How about Some Comic Relief?

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When this blog posting goes up, I will be in Pittsburgh at CCCC celebrating Cheryl Glenn’s brilliantly deserved Exemplar Award and reveling in what looks to be the most diverse and exciting program in years: bravo to Vershawn Young!


I will surely be writing about the conference in the weeks to come, reporting on what I have taken away from as many sessions as I can possibly attend. But for now, I am thinking of Stanford’s students at this time of year: what I call the end-of-winter-term-doldrums. They are up to their ears in midterms and working furiously to finish up their research-based multimodal arguments that I always assign. They have spring break to look forward to but after that is the long, slow slog of spring term, which stretches well into June. So they are often in a fairly desperate mood—and could use some comic relief.


I was thinking of these students when my 14-year-old grandniece told me that she had finally gotten to see BlacKKKlansman and it was Spike Lee’s genius use of humor that kept her from screaming throughout the film: “it’s the most impactful movie I’ve ever seen,” she told me. I was also thinking of students during a Saturday Night Live sketch when the brilliant Kate McKinnon and Aidy Bryant could not keep themselves together and broke up while playing the owners of “Smokery Farms Meat Gift Delivery Service” who complained about way too many heartwarming stories about animals, like “Pig Teaches Deaf Dog to Bark.” The audience was in stitches, whether over the characters McKinnon and Bryant were playing or the fact that they couldn’t keep a straight face while delivering these joke lines. I hope a lot of students were watching in and got one of the best gifts of life, which is a good, long laugh.


I’ve found that loosening up the syllabus a little during this time of the term and asking students to have some fun always pays off by giving them some comic relief that can release some of the stress they are feeling. So we might take that joke headline from Bryant and McKinnon and write joke headlines of our own, comparing them to ones we can find in The Onion or fake/clickbait headlines we can find online. The funnier, the better. Trying our hands at parody can also be lots of fun: a group of students in one of my classes made a parodic video of our class that left us all laughing with and at ourselves.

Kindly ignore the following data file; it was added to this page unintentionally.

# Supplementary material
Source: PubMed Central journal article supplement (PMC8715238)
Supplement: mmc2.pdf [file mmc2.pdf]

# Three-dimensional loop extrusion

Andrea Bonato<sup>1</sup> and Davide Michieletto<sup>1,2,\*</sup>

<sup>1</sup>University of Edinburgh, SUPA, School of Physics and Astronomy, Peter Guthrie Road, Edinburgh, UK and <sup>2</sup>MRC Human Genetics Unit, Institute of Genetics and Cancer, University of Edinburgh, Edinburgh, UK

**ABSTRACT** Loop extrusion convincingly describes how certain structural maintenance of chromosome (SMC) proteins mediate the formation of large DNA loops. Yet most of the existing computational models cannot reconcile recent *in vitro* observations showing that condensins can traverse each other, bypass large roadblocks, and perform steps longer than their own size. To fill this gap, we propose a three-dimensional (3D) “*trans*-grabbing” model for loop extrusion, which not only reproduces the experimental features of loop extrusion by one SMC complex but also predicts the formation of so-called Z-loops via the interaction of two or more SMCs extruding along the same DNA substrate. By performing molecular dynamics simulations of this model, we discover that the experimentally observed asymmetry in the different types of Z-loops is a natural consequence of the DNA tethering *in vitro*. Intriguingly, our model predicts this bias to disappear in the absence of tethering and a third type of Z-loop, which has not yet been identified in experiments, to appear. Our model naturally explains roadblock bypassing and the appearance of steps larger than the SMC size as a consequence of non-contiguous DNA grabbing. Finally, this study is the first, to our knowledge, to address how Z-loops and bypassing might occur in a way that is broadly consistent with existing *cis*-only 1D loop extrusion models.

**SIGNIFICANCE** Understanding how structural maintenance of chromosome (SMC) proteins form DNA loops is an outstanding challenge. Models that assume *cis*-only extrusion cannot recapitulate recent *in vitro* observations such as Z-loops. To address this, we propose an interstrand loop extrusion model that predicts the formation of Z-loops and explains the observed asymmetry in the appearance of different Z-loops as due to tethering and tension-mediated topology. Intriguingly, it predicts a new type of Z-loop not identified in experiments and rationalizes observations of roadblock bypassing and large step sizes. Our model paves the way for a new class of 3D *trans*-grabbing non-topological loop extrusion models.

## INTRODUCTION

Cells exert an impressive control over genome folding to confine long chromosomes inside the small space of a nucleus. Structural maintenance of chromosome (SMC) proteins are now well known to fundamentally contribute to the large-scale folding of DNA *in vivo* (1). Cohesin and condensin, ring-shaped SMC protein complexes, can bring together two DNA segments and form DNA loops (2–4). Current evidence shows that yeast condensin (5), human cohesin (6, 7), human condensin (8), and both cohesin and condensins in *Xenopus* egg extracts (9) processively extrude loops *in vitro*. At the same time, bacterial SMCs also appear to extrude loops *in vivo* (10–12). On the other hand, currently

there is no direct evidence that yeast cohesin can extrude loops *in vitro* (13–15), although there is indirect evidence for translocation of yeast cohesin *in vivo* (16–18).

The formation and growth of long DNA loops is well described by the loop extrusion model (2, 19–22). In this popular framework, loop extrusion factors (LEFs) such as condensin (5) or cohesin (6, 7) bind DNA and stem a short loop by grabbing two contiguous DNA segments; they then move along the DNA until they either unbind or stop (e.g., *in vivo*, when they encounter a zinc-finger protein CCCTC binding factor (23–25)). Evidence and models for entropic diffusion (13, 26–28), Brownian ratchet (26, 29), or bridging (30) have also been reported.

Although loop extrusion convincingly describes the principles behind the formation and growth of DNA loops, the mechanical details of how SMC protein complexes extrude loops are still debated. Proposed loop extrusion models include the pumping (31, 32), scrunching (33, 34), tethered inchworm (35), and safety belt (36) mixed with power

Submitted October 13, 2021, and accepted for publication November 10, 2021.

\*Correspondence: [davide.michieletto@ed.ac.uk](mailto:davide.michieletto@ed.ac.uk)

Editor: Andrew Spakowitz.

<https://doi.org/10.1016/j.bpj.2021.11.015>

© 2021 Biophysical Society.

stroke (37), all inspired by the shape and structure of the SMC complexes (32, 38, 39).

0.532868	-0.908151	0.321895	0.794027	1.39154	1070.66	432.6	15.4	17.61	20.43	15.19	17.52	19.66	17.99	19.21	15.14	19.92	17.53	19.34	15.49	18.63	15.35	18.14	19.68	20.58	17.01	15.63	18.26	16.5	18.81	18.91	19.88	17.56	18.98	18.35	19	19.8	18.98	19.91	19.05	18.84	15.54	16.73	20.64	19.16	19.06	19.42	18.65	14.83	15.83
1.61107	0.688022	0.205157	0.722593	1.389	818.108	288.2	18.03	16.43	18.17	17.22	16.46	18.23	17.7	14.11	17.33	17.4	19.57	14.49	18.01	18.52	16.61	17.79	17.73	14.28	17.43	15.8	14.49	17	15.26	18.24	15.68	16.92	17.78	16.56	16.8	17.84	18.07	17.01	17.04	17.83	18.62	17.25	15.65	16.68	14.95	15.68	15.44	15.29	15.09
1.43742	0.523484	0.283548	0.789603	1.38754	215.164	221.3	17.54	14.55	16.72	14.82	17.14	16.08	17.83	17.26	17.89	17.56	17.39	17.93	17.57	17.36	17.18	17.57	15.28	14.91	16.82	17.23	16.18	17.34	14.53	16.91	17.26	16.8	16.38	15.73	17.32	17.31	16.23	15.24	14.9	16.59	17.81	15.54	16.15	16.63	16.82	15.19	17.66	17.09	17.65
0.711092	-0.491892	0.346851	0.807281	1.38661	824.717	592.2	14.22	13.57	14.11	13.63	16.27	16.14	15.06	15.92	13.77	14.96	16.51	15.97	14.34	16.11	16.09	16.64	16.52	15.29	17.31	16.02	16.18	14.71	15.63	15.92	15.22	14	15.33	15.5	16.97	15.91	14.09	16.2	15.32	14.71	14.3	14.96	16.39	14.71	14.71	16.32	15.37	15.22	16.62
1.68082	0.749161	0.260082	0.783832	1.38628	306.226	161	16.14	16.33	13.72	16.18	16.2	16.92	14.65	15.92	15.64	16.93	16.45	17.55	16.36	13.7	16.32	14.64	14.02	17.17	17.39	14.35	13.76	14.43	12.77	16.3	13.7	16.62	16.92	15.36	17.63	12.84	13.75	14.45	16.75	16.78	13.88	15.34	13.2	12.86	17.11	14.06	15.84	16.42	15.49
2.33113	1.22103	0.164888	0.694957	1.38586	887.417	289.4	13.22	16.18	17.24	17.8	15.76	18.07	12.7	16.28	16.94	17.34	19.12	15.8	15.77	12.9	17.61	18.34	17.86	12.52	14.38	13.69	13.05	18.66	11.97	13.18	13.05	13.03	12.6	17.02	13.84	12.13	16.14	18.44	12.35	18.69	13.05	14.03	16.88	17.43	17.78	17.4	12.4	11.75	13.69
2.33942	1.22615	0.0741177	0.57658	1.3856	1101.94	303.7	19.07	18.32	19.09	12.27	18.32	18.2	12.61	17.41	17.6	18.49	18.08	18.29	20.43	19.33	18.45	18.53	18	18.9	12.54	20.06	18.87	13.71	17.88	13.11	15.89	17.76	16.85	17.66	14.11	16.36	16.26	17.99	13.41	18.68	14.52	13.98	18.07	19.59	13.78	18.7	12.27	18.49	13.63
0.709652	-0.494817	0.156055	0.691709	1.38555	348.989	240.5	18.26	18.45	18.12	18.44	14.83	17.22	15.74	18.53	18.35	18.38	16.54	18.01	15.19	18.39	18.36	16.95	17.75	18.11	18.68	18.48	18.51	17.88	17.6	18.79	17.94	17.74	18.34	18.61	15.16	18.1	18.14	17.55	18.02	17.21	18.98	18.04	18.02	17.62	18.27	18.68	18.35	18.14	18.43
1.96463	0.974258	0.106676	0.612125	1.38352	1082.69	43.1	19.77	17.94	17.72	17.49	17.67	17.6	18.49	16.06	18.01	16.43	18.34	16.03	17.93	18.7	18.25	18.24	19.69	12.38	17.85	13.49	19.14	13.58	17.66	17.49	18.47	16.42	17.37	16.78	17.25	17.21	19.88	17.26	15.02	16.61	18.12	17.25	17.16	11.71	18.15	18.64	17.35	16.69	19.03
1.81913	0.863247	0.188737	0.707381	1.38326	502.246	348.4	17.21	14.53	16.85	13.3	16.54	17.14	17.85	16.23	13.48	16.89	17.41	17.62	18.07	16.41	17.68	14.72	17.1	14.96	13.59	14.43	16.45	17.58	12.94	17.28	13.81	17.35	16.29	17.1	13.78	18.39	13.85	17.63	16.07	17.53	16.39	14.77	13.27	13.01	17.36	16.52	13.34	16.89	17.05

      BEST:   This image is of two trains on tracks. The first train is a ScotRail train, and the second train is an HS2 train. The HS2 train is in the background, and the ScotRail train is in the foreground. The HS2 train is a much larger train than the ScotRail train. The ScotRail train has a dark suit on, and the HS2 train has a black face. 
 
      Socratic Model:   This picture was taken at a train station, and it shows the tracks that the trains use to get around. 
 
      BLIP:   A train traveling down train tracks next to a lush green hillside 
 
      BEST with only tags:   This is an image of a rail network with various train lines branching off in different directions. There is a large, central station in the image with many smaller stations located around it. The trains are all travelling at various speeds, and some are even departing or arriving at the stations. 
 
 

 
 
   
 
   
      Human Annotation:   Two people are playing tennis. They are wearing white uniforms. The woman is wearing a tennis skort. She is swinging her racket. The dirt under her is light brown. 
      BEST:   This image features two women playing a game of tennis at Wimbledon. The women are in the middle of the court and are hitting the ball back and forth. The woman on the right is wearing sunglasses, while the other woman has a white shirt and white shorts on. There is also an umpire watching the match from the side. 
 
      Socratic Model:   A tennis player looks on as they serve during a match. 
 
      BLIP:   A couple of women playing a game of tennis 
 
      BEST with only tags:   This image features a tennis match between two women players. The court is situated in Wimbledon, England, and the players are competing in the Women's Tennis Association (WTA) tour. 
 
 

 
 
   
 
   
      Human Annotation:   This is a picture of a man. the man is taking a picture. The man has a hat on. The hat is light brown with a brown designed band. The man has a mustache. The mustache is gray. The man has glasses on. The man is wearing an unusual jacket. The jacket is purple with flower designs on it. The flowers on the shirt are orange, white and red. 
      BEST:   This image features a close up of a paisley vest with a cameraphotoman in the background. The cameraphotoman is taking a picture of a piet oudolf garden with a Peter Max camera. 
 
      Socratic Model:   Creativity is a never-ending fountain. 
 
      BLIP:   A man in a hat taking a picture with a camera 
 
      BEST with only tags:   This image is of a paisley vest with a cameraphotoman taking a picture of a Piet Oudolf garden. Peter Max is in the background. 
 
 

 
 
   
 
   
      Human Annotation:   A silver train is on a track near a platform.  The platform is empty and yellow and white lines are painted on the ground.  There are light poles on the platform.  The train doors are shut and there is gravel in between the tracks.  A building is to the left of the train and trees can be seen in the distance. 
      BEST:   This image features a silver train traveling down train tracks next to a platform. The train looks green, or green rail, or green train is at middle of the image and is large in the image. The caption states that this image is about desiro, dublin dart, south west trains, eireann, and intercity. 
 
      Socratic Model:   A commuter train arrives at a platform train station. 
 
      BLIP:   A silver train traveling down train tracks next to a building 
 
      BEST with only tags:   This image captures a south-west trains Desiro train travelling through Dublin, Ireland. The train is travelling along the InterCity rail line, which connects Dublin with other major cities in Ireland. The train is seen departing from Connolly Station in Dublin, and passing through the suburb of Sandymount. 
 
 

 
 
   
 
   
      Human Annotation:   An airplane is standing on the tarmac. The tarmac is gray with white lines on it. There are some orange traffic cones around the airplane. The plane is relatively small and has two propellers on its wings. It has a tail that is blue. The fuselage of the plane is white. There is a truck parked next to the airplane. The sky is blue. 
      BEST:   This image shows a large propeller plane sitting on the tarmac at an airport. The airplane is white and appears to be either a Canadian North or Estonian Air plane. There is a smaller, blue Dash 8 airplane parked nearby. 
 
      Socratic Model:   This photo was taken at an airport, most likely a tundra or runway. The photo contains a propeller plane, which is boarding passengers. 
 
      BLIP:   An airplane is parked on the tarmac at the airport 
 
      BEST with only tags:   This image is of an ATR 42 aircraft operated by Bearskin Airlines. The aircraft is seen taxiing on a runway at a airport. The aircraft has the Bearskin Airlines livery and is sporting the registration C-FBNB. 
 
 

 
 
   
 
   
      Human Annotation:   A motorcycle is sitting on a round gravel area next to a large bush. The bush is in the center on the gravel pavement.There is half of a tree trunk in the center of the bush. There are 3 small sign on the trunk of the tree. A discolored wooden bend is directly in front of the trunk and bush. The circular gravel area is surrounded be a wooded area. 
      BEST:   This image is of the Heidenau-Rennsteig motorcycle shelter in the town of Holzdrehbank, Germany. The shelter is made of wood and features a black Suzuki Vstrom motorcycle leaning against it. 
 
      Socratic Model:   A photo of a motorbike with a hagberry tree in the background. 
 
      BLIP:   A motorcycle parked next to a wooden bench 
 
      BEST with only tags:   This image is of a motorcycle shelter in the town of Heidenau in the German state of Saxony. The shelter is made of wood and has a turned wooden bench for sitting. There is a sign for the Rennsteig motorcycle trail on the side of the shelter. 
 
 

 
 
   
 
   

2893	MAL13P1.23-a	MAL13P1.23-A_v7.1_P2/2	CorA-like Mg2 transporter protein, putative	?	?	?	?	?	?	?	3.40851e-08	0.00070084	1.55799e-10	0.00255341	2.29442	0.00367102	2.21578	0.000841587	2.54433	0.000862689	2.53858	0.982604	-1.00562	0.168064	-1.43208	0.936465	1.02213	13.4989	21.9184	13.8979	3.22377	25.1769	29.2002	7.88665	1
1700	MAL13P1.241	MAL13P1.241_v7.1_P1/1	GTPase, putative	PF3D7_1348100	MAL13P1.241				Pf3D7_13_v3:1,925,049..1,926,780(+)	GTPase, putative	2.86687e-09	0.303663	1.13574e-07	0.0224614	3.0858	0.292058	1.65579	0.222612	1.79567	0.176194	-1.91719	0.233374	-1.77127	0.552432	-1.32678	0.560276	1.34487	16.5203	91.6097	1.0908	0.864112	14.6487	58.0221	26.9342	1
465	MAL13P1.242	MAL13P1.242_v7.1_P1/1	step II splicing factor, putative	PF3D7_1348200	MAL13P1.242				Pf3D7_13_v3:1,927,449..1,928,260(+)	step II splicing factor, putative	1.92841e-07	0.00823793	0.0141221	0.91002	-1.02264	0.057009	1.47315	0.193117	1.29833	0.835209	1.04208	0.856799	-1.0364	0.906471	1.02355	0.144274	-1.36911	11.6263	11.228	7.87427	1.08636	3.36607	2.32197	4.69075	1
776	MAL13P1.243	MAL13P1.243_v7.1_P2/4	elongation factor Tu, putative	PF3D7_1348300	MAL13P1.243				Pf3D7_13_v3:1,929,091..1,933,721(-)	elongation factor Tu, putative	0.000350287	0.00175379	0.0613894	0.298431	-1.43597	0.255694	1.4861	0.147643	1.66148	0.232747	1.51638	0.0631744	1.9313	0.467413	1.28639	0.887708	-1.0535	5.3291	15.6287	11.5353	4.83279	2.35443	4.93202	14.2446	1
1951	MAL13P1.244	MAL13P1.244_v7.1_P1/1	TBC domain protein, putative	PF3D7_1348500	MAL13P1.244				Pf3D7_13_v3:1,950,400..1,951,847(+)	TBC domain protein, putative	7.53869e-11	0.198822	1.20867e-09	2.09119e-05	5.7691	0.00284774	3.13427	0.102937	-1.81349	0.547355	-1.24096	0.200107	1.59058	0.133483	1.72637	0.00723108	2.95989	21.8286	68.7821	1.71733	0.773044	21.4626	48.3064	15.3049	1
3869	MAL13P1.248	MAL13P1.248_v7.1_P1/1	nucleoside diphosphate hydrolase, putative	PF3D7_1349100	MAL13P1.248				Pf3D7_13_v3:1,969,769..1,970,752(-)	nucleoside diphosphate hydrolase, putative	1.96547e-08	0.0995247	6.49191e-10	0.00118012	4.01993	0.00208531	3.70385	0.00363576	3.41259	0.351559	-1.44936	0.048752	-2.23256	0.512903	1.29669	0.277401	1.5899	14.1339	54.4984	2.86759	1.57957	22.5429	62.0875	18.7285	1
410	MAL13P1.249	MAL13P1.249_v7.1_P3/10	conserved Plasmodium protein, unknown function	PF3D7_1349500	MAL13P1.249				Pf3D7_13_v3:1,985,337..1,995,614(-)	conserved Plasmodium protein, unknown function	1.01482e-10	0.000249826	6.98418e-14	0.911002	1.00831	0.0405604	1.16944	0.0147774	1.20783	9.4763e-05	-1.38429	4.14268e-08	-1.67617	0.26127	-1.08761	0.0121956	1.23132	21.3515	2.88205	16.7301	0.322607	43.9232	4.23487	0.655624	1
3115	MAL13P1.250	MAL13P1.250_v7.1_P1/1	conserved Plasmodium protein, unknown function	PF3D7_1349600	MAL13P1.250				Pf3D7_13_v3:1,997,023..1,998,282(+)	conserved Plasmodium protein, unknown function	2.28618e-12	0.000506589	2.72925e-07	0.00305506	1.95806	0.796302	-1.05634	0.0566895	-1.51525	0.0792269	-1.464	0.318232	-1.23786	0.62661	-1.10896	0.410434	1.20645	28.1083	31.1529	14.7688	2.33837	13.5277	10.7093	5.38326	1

At other times I might go for an imitation exercise, asking students to imitate an author they really admire (or really can’t stand) and to do so by writing the opening of a children’s story in the style of that author. Here’s one student (a chemistry major!) telling the opening of “The Three Little Pigs” in the style of Edgar Allan Poe:

It began as a mere infatuation. I admired them from afar, with a longing that only a wolf may know. Soon, these feelings turned to torment. Were I even to set eyes upon their porcine forms, the bowels of my soul raged, as if goaded by some festering poison. As the chilling winds of November howled, my gullet yarned for them. I soon feasted only upon an earnest and consuming desire for the moment of their decease.

This student had read four or five Poe stories, noting vocabulary choices and figures of speech like similes, and he read the stories aloud trying to capture some of the rhythm. Then he wrote his imitation—much to the delight of everyone in the class, many of whom tried to outdo him with their own over-the-top imitations.


Taking a light-hearted break from the grinding demands of the quarter system always paid off for me and my students. It gave us a chance to take a deep breath, enjoy some good laughs, and then return to the end of term rigors feeling at least a little bit refreshed. As Shakespeare demonstrates in his most devastating tragedies, some comic relief is good for the soul.


Image Credit: Pixabay Image 2193585 by Alexas_Fotos, used under the Pixabay License

About the Author
Andrea A. Lunsford is the former director of the Program in Writing and Rhetoric at Stanford University and teaches at the Bread Loaf School of English. A past chair of CCCC, she has won the major publication awards in both the CCCC and MLA. For Bedford/St. Martin's, she is the author of The St. Martin's Handbook, The Everyday Writer and EasyWriter; The Presence of Others and Everything's an Argument with John Ruszkiewicz; and Everything's an Argument with Readings with John Ruszkiewicz and Keith Walters. She has never met a student she didn’t like—and she is excited about the possibilities for writers in the “literacy revolution” brought about by today’s technology. In addition to Andrea’s regular blog posts inspired by her teaching, reading, and traveling, her “Multimodal Mondays” posts offer ideas for introducing low-stakes multimodal assignments to the composition classroom.